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e didn't want to go home. He didn't want to stay there. He just wished he could crawl into a hole and die. He fiddled for his keys in the little box under the counter where they were kept. His eyes cought the tax box at the other end of the counter. It was empty now, but when the tax collector had stopped by an hour before it couldn't have held another coin. They had joked that a larger box would have to be made. He had worn a smile
then, but now, somehow the memory made his stomache turn. Keys finally in hand, The shopkeep straightened and took a deep breath then let it out in a large sigh. Nothing left to do but lock up and go home.

The sun had only dropped beyond the horizon about 20 minutes earlier. It was warm and promissed to remain
so for the rest of the evening. A gentle breeze was blowing in from the northeast; bringing with it the smell of new spring blossoms.

He made his way down the newly-named Pandora Way and took a left on scepter. 'How appropriate,' he
thought. Erkinwhine had certainly made an impact (he couldn't help but grin at the pun) on the little jungle city during the last 3 months. His grin turned into a frown when he wondered what would happen to him. Pandora had resisted Erkinwhine being named High-Priest, but she had done nothing wrong. His would be a terrible fate. Of that, he was most certain.

He passed the pile of lumber that would one day be the new granary. That caused him to wonder, 'what will
they put in it?'

Erkinwhine had been determined to win the hearts of all of Varossa. He doubled the available food rations,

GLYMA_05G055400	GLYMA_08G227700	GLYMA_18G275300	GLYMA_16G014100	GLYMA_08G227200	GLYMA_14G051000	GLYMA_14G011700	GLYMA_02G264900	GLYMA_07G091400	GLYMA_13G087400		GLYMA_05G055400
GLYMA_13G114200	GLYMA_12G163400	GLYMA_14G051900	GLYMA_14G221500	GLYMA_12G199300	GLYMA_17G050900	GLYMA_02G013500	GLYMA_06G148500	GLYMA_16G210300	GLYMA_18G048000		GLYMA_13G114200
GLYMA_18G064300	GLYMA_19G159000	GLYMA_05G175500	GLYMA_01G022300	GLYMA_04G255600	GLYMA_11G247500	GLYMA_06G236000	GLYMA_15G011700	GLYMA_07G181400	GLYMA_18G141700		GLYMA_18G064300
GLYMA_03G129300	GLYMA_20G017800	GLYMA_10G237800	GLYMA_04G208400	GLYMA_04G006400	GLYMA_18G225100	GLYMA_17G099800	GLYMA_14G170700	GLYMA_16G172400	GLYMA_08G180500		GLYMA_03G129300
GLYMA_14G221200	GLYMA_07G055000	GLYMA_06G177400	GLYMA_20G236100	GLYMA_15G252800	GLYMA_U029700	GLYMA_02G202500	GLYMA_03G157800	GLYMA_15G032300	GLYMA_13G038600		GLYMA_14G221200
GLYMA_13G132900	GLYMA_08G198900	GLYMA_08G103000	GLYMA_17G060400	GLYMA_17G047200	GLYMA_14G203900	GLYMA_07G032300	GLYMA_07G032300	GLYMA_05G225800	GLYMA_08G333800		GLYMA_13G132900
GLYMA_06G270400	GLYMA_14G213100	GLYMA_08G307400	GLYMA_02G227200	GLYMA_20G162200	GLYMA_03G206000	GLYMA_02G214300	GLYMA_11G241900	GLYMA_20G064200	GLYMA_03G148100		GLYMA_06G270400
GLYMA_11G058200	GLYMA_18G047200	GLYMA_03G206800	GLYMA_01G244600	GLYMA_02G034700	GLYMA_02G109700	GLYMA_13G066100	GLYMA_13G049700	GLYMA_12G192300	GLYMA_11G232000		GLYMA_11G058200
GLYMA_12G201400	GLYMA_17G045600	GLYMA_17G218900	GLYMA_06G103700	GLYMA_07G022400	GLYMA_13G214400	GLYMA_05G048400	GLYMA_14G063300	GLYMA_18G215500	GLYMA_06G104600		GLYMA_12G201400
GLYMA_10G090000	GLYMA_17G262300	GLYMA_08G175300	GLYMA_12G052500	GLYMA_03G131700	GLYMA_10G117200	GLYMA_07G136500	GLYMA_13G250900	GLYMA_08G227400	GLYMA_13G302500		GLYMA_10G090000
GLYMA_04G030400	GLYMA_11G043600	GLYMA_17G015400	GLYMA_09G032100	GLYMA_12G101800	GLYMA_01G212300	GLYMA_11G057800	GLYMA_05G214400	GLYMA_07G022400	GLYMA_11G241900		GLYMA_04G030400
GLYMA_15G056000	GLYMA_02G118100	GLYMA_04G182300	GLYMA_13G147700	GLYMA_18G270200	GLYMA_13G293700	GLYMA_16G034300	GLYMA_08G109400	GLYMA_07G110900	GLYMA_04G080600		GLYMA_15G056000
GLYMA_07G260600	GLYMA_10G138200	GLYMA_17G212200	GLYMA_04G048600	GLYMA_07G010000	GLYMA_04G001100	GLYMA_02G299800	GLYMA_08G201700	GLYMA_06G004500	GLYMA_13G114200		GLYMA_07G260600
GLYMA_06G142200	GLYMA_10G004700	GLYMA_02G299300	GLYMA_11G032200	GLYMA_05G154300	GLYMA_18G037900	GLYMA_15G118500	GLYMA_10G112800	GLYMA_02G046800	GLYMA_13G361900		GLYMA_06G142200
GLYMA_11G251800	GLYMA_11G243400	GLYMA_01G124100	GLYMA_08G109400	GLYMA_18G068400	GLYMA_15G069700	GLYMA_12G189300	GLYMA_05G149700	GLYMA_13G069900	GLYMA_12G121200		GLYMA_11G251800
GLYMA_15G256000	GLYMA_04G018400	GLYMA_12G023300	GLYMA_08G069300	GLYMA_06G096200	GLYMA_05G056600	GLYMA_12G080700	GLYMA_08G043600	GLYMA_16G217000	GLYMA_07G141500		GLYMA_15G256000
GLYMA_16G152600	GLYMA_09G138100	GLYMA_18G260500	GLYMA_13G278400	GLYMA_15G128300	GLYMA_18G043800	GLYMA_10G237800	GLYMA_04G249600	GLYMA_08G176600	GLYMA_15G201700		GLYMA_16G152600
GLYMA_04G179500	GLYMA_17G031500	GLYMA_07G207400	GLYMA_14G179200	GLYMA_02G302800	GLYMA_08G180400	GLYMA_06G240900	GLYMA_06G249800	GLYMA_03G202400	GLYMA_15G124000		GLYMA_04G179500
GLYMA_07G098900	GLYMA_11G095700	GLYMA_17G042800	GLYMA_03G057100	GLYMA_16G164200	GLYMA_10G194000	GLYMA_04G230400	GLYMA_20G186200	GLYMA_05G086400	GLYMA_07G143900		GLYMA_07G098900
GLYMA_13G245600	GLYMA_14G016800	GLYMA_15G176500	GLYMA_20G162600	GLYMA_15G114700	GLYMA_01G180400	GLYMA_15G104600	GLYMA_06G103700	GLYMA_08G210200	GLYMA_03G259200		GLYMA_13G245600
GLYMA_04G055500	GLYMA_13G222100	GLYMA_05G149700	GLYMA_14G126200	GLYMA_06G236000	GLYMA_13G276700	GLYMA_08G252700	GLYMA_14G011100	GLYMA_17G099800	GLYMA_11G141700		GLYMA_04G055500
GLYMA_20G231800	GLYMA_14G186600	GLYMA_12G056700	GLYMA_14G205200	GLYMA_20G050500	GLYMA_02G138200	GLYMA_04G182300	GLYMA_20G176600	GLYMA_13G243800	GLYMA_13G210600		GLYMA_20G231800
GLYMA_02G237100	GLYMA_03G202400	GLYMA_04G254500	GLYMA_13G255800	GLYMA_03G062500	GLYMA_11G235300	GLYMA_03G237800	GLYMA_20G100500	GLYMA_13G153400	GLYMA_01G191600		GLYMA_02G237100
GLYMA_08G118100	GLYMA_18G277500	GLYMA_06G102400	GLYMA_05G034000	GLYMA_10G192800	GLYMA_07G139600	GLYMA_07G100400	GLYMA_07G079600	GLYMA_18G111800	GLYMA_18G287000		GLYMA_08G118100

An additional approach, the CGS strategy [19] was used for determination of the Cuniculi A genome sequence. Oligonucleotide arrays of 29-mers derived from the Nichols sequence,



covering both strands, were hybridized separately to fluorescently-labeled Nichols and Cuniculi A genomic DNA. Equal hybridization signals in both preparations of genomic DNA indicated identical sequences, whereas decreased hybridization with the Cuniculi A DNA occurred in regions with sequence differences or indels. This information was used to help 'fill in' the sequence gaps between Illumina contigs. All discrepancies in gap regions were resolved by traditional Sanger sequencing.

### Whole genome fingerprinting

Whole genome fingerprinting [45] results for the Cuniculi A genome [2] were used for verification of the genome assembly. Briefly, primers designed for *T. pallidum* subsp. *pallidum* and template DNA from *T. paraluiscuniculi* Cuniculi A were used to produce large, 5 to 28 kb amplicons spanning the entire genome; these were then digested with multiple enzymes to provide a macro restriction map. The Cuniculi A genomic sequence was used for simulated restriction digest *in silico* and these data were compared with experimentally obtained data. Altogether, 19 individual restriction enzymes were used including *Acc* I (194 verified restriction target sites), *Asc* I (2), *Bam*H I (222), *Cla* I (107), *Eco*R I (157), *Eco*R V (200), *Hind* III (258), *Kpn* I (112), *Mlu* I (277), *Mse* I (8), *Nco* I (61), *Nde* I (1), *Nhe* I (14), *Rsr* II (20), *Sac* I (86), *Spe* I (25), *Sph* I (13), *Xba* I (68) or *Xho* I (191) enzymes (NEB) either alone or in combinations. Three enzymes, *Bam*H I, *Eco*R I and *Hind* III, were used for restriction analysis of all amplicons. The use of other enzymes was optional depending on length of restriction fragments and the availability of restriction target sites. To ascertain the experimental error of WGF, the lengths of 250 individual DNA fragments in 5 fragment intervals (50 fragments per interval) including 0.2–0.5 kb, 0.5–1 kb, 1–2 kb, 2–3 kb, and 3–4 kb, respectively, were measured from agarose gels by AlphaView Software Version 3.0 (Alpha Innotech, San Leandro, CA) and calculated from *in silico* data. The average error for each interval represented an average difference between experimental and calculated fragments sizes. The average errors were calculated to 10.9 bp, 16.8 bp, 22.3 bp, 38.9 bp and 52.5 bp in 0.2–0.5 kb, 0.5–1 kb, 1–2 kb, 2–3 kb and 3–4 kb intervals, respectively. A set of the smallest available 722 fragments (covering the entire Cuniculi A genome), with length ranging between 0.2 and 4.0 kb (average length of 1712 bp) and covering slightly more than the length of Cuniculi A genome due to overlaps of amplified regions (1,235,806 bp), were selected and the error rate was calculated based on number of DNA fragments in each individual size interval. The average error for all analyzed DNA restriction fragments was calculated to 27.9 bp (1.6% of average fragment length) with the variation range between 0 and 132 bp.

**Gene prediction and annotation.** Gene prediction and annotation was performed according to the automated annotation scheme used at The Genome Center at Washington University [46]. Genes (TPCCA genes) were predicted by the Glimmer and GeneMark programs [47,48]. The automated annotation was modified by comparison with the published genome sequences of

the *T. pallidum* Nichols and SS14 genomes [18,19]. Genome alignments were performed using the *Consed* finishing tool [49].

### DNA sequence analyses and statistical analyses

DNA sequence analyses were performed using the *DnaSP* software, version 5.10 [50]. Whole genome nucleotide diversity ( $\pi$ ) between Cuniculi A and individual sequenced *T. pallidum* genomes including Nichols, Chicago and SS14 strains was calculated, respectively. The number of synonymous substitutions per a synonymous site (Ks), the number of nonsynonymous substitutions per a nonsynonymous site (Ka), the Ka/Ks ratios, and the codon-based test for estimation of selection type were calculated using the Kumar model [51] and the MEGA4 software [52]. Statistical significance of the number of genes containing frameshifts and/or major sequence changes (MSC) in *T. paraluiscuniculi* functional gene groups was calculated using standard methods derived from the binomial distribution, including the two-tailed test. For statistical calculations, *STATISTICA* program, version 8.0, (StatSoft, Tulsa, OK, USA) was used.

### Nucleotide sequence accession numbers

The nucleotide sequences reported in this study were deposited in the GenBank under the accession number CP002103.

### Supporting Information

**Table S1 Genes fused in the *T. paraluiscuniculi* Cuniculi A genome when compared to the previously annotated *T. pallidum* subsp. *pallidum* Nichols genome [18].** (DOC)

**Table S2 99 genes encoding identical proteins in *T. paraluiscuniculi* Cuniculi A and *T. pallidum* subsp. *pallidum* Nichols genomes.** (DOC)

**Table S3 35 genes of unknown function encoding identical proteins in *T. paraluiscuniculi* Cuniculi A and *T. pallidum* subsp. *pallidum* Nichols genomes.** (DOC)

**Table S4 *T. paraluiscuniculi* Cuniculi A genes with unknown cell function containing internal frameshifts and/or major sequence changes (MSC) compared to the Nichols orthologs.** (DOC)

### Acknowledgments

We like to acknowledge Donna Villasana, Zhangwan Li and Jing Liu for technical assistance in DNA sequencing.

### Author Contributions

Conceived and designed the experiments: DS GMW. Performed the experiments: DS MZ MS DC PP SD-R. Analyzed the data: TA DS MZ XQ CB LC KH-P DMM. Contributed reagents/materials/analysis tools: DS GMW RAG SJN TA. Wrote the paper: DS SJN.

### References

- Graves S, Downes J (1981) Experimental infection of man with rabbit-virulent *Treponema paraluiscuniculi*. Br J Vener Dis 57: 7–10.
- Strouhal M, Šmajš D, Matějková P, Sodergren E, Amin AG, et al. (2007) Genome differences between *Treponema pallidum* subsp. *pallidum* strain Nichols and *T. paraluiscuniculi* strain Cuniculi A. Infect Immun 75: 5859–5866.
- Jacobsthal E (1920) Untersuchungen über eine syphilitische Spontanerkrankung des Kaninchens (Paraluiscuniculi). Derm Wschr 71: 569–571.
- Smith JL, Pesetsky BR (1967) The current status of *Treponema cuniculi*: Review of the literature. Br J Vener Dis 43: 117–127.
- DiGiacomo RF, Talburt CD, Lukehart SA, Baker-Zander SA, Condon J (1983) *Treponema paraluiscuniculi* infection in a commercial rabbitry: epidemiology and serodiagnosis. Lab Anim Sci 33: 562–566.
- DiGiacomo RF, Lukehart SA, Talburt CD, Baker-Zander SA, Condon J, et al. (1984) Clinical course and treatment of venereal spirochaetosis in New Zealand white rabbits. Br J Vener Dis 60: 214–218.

destroyed Arragoth's temple and promissed to build a temple to a new goddess -- Jasmine. He lowered taxes and put everyone to work. So many of the city's youth were interested in joining the fight against Arragoth that a physical exam and test were created to be sure only the best were chosen to fight. The new army was being led by the greatest hero the amazons had ever known -- Hawk. Now, the cornerstone of King Erkinwhine's grand stratagy was in danger; the food supply. And lowly Timothy, a shopkeeper, was to blame.

When Timothy had taken over the task of supervising the food stores and distributing Erkinwhine's generous
gifts, the food storage facilities were bursting with fruits, vegitables, cheeses and many kinds of meat. Now, the same facilities held a suckling pig, six large yams and two baskets of over-ripe fruit. Hardly enough to feed a city.

Tomorrow, he was to make a progress report to the king. He could only imagine what Erkinwhine would do to

Finally home, the door swung open before he could reach its handle. His young son and daughter flung them-
selves into his arms. They were very excited that there father was going to meet the king. His wife, Sharon, had prepared his favorite dinner; a real feast. But Timothy wasn't hungry ...

Somehow, he made it through dinner without tiping off his family that something was wrong. They enjoyed
mutton and yams, some dried figs and plenty of green beans. Not to mention the freshly baked bread. For desert they had shortcakes with strawberries and whipped cream. He quietly felt guilty that they were having such a supper when the stored supplies were nearly non-existant.

When dinner had concluded, the children were rushed off to their rooms to conclude their studies for the eve-
ning. This gave Sharon a chance to question Timothy about his attidude at dinner. Apparently, he hadn't kept the secret as well has he thought he had. They talked about his concerns at length and she consoled him. She assured him that he had simply been doing what was asked of him, and he seemed more confident. Secretly, neither of them expected him to ever return from the meeting, but each tried to convence the other everything would be ok.